Smoothed Particle Hydrodynamics

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Exploring the method of smoothed particle hydrodynamics (SPH) and its application to iceberg­ capsize dynamics

Lynn Kaluzienski, 9/20/2015, University of Maine

Analytical solutions for problems in fluid dynamics are unavailable for most real world flows. The method of Smoothed Particle Hydrodynamics (SPH) was initially developed for astrophysical problems and has since been used to formulate approximate solutions for equations in fluid dynamics, chiefly the Navier Stokes solution for a weakly compressible fluid. SPH takes the innovative approach of replacing a fluid with an array of particles and solving the Navier Stokes equation on a particle by particle basis. A smoothing function is applied to each individual particle to determine the influence of its neighbors within a certain radius giving more weight to nearby particles. SPH is naturally a mesh­free Lagrangian method, providing several benefits over former grid­based techniques in capturing surface accelerations and removing the need of tracking fluid boundaries. One difficulty with the SPH method is the need for a large quantity of particles to achieve the same precision as a grid­based approach. However, recent improvements in computational power such as the widespread use of graphic processing units (GPUs) have made SPH implementation feasible and computationally inexpensive. Several open source codes, such as DualSPHysics, make high resolution SPH simulations easily achievable on computers with multiple GPU processing units. Depending on complexity, several hundred thousand particle simulations can be achieved on the order of minutes to hours on a desktop computer. Larger­scale models with millions to even billions of particles can be efficiently computed on supercomputers. The University of Maine SECS Numerical Laboratory currently has SPH simulations running on multiple GPUs. In addition, our collaboration with the Advanced Computing Group at Umaine will allow us to run increasingly complex and higher resolution simulations on one of their supercomputers in the near future.

Supporting Literature: Crespo et al 2015, Monaghan 2012

In this model a fluid is initially held in a square configuration along a sloped ramp with open boundaries on both sides. At the the first time step the fluid is allow to flow outward due to the force of gravity and begins to flow down the ramp. Once the fluid particles meet the boundary edge on the right they cross over to the left side of the ramp. During the first few time steps the fluid quickly moves to fill the void on the upper left hand side and crashes with slower moving particles creating a significant splashing effect and the formation of a standing wave. Throughout the simulation this standing wave begins to die out as the flow approaches a state of equilibrium.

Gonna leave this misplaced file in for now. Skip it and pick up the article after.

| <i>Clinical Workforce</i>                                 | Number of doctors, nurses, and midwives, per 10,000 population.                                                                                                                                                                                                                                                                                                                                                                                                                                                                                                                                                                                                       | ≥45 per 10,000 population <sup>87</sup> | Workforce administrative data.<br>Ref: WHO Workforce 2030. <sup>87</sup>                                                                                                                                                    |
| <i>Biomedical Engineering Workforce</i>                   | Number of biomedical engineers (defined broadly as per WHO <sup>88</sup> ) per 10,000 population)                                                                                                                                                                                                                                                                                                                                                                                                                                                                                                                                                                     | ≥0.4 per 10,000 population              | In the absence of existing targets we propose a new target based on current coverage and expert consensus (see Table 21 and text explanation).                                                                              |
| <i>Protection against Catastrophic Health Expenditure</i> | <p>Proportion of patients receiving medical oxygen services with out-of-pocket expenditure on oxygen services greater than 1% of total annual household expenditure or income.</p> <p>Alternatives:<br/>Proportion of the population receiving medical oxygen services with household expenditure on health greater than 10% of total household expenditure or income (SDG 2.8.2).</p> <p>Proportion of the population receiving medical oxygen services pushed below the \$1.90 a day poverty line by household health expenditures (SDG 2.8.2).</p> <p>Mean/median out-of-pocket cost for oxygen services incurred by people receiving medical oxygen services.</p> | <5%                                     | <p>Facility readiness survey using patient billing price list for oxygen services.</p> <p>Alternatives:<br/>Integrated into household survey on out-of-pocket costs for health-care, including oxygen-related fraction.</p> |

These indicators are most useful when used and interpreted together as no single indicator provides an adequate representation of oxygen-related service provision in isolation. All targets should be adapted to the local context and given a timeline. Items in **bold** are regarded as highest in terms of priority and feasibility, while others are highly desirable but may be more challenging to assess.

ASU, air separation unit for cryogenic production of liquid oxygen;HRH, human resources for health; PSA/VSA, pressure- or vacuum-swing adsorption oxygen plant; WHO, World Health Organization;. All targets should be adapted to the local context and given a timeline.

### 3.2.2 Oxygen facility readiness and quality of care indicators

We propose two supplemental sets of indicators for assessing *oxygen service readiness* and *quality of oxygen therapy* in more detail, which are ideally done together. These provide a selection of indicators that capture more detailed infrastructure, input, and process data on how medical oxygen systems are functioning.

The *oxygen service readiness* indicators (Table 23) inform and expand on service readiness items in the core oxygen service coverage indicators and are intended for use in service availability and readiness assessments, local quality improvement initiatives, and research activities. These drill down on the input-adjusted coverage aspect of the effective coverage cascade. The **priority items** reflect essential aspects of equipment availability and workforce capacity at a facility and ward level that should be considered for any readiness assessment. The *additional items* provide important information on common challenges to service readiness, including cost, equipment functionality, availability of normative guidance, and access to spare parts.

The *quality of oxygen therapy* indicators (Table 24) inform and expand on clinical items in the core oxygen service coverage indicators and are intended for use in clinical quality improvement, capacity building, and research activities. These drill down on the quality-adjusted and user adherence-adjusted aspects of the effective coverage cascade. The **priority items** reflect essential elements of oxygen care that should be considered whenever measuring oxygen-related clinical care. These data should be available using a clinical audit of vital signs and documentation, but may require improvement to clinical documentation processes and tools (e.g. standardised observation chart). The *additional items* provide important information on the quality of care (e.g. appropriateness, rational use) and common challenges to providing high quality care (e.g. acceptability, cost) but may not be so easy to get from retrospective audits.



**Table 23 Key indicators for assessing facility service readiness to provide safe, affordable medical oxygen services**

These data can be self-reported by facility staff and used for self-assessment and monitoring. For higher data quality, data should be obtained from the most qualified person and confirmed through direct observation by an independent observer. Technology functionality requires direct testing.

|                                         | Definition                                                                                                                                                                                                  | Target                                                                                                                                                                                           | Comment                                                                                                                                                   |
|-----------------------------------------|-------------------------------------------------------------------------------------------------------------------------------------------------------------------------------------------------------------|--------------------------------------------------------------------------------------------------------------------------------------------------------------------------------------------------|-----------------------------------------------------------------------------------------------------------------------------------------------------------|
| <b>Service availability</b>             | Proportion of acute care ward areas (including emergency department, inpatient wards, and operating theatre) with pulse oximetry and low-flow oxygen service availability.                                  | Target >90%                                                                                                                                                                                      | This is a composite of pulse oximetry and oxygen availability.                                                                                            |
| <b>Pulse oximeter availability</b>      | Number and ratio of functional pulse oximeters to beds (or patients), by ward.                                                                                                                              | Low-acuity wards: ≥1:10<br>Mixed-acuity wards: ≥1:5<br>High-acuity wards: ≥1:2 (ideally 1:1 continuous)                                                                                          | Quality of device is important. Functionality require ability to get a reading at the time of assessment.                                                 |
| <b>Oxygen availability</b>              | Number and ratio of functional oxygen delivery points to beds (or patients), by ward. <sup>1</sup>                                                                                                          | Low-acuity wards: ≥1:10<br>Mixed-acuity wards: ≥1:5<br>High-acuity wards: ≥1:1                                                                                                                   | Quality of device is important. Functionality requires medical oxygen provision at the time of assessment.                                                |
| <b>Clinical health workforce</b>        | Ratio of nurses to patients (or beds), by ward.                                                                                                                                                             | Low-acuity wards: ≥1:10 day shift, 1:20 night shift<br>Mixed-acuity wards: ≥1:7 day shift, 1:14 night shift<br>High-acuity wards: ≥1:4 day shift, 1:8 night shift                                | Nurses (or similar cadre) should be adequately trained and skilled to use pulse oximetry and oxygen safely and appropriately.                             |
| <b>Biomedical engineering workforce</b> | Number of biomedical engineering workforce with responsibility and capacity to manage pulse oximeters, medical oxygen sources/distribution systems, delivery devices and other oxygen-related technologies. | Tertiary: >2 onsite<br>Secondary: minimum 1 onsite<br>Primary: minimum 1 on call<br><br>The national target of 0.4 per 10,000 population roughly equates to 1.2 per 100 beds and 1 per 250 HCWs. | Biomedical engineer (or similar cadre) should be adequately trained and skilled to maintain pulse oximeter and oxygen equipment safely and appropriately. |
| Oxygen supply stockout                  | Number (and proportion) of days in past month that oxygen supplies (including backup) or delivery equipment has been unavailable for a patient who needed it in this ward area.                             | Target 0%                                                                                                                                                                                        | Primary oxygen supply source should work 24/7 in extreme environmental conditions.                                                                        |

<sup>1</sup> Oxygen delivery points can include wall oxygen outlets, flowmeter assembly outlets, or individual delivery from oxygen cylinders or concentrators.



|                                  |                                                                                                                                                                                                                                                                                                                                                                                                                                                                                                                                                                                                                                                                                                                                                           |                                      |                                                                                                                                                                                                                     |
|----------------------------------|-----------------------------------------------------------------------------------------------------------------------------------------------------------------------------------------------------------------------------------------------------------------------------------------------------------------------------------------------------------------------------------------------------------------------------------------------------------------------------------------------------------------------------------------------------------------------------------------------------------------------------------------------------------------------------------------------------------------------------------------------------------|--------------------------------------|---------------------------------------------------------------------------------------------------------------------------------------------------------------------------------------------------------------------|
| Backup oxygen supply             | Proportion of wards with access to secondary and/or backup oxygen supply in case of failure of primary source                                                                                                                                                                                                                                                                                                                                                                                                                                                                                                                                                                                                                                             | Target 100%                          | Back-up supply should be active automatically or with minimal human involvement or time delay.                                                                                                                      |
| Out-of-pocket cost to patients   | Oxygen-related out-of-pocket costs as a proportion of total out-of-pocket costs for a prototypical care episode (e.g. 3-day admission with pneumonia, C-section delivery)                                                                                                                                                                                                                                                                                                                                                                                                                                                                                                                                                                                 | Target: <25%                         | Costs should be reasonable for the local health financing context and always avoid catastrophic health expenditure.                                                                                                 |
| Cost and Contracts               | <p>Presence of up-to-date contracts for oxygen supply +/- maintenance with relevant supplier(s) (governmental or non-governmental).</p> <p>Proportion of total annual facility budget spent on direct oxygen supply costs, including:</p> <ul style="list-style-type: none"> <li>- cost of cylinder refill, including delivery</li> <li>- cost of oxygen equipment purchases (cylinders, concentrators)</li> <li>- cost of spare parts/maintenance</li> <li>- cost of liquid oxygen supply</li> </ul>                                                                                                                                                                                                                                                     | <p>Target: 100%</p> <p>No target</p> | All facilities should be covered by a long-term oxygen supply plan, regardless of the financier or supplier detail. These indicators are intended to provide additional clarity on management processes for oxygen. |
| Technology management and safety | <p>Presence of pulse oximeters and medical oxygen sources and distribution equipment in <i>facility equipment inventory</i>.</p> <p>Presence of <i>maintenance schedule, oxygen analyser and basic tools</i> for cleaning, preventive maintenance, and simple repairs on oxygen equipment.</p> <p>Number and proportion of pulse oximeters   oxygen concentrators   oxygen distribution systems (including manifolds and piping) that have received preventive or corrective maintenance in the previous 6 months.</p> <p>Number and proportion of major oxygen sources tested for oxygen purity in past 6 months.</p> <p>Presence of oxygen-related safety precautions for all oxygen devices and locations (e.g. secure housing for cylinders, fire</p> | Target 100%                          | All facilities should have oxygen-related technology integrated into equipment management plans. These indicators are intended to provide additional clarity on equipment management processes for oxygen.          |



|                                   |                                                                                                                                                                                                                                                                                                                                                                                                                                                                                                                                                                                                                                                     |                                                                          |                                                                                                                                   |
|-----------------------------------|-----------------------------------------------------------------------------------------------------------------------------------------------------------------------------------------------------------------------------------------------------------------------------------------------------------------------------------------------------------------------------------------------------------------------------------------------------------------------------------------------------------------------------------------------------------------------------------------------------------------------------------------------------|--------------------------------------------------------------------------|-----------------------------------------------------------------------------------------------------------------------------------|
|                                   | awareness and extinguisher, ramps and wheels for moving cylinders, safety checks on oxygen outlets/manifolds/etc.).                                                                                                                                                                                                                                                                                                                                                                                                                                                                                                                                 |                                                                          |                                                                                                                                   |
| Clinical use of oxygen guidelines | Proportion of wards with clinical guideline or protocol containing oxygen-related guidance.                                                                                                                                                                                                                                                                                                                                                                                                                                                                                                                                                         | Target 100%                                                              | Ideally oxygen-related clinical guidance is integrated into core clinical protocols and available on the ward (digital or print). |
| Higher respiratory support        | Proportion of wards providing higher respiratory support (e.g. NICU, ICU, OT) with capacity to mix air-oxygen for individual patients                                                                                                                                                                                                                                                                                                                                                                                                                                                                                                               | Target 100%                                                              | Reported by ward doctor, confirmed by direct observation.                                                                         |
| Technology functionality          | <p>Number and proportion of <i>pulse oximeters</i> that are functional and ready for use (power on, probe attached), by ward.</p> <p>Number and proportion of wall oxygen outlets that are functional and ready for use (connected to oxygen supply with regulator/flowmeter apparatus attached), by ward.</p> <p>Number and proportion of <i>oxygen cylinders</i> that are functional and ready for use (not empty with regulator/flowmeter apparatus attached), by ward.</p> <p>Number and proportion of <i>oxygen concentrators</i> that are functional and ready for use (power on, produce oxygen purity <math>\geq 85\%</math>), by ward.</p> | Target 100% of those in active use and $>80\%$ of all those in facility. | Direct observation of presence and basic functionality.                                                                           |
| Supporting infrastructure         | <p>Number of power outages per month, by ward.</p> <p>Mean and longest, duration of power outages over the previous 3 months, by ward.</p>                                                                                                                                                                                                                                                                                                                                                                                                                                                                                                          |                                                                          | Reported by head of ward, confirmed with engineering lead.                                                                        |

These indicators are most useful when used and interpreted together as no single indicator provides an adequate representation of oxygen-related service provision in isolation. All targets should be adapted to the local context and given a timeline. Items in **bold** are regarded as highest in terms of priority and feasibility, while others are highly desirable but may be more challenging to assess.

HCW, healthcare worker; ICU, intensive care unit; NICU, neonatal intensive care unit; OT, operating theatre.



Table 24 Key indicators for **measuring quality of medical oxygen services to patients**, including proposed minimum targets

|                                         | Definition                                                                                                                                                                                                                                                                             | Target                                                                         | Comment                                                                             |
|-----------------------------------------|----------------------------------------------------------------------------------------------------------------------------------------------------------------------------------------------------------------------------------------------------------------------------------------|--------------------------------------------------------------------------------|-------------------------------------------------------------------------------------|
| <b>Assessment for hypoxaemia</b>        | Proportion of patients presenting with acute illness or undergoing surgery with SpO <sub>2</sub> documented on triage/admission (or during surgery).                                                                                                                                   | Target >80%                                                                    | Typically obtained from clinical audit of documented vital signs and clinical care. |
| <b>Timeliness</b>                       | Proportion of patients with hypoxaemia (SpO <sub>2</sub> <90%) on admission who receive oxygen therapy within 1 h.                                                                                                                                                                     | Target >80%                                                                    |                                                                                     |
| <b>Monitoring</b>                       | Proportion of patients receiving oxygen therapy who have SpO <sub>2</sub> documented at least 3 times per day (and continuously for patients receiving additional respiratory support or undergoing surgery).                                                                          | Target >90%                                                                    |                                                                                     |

Credits: DualSPHysics

Supporting Animations

Introductory SPH Iceberg­-capsize Simulations

Investigating sediment mobilization in dammed fluvial systems using smoothed particle hydrodynamics (SPH)

Nick Richmond, 4/18/2016, University of Maine

When dams are removed, altered upstream and downstream fluvial dynamics give rise to sediment mobilization, which disrupts critical zone processes. Most methods used to model fluvial hydrodynamics are restricted to one or two dimensions, which limits description of small-scale motion and nuanced flow regimes that contribute to sediment advection. Smoothed particle hydrodynamics (SPH) provides solutions to the Navier-Stokes equations and allows interactions between weakly-compressible fluids and solid structures to be resolved in three-dimensional space. By adapting smoothed particle hydrodynamics simulations to fluvial systems, the sediment mobilization potential associated with dam removal can be investigated for dammed fluvial systems in Maine’s Penobscot River. By rendering synthetic features such as vegetated banks, scalloped riverbeds, aits, and dams, it becomes possible to describe the contributions of these features to the Penobscot River's hydrodynamics. Incorporating sediment advection, periodic boundary conditions, and buoyant incompressible solids into the SPH framework provides detailed solutions which will be used to simulate the acute impacts of dam removal on the Penobscot River’s hydrodynamics and biological habitats.

Click on the animated gif for the full video!

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For DualSPHysics users operating in the UMaine SECS Numerical Modeling Laboratory:

Please see the DualSPHysics User Guide for a basic program tutorial.